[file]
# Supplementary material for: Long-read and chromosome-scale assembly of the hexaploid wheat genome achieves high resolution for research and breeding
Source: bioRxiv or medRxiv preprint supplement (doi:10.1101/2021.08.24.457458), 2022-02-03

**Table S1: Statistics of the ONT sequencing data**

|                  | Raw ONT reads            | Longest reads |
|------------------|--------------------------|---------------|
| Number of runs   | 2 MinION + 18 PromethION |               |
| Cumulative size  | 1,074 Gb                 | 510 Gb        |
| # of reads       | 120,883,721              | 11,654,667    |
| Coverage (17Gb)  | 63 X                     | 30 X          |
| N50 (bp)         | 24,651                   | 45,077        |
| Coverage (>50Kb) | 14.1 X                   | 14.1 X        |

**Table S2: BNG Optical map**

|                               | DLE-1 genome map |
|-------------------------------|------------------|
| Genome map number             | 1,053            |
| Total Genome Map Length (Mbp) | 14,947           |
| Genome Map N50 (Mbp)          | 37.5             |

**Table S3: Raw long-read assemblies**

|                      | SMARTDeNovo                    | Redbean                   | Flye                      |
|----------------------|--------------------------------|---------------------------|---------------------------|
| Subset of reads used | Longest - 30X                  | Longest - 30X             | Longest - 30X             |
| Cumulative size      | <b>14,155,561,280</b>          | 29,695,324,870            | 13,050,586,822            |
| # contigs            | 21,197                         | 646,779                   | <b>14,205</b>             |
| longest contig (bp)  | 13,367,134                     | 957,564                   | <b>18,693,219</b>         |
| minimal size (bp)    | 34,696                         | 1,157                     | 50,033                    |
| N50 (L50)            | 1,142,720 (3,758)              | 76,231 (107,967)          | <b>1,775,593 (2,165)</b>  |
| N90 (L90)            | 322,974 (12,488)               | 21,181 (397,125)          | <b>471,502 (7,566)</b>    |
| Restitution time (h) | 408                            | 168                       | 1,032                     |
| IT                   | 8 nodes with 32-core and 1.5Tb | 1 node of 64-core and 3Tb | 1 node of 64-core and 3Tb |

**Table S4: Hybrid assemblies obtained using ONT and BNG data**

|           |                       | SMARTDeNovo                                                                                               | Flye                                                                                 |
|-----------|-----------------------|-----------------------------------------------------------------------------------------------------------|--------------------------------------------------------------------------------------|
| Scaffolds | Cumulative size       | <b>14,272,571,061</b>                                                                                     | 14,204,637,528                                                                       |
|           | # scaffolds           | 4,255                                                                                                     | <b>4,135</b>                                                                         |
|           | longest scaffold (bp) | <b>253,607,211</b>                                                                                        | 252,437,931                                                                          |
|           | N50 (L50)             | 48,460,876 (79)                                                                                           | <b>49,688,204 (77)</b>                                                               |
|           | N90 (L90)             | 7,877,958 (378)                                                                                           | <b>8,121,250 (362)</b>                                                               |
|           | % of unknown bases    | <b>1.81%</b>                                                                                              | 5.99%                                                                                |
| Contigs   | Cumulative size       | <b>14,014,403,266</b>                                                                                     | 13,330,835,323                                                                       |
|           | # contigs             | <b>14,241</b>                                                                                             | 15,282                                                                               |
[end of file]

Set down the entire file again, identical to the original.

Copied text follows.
# Supplementary material for: Long-read and chromosome-scale assembly of the hexaploid wheat genome achieves high resolution for research and breeding
Source: bioRxiv or medRxiv preprint supplement (doi:10.1101/2021.08.24.457458), 2022-02-03

**Table S1: Statistics of the ONT sequencing data**

|                  | Raw ONT reads            | Longest reads |
|------------------|--------------------------|---------------|
| Number of runs   | 2 MinION + 18 PromethION |               |
| Cumulative size  | 1,074 Gb                 | 510 Gb        |
| # of reads       | 120,883,721              | 11,654,667    |
| Coverage (17Gb)  | 63 X                     | 30 X          |
| N50 (bp)         | 24,651                   | 45,077        |
| Coverage (>50Kb) | 14.1 X                   | 14.1 X        |

**Table S2: BNG Optical map**

|                               | DLE-1 genome map |
|-------------------------------|------------------|
| Genome map number             | 1,053            |
| Total Genome Map Length (Mbp) | 14,947           |
| Genome Map N50 (Mbp)          | 37.5             |

**Table S3: Raw long-read assemblies**

|                      | SMARTDeNovo                    | Redbean                   | Flye                      |
|----------------------|--------------------------------|---------------------------|---------------------------|
| Subset of reads used | Longest - 30X                  | Longest - 30X             | Longest - 30X             |
| Cumulative size      | <b>14,155,561,280</b>          | 29,695,324,870            | 13,050,586,822            |
| # contigs            | 21,197                         | 646,779                   | <b>14,205</b>             |
| longest contig (bp)  | 13,367,134                     | 957,564                   | <b>18,693,219</b>         |
| minimal size (bp)    | 34,696                         | 1,157                     | 50,033                    |
| N50 (L50)            | 1,142,720 (3,758)              | 76,231 (107,967)          | <b>1,775,593 (2,165)</b>  |
| N90 (L90)            | 322,974 (12,488)               | 21,181 (397,125)          | <b>471,502 (7,566)</b>    |
| Restitution time (h) | 408                            | 168                       | 1,032                     |
| IT                   | 8 nodes with 32-core and 1.5Tb | 1 node of 64-core and 3Tb | 1 node of 64-core and 3Tb |

**Table S4: Hybrid assemblies obtained using ONT and BNG data**

|           |                       | SMARTDeNovo                                                                                               | Flye                                                                                 |
|-----------|-----------------------|-----------------------------------------------------------------------------------------------------------|--------------------------------------------------------------------------------------|
| Scaffolds | Cumulative size       | <b>14,272,571,061</b>                                                                                     | 14,204,637,528                                                                       |
|           | # scaffolds           | 4,255                                                                                                     | <b>4,135</b>                                                                         |
|           | longest scaffold (bp) | <b>253,607,211</b>                                                                                        | 252,437,931                                                                          |
|           | N50 (L50)             | 48,460,876 (79)                                                                                           | <b>49,688,204 (77)</b>                                                               |
|           | N90 (L90)             | 7,877,958 (378)                                                                                           | <b>8,121,250 (362)</b>                                                               |
|           | % of unknown bases    | <b>1.81%</b>                                                                                              | 5.99%                                                                                |
| Contigs   | Cumulative size       | <b>14,014,403,266</b>                                                                                     | 13,330,835,323                                                                       |
|           | # contigs             | <b>14,241</b>                                                                                             | 15,282                                                                               |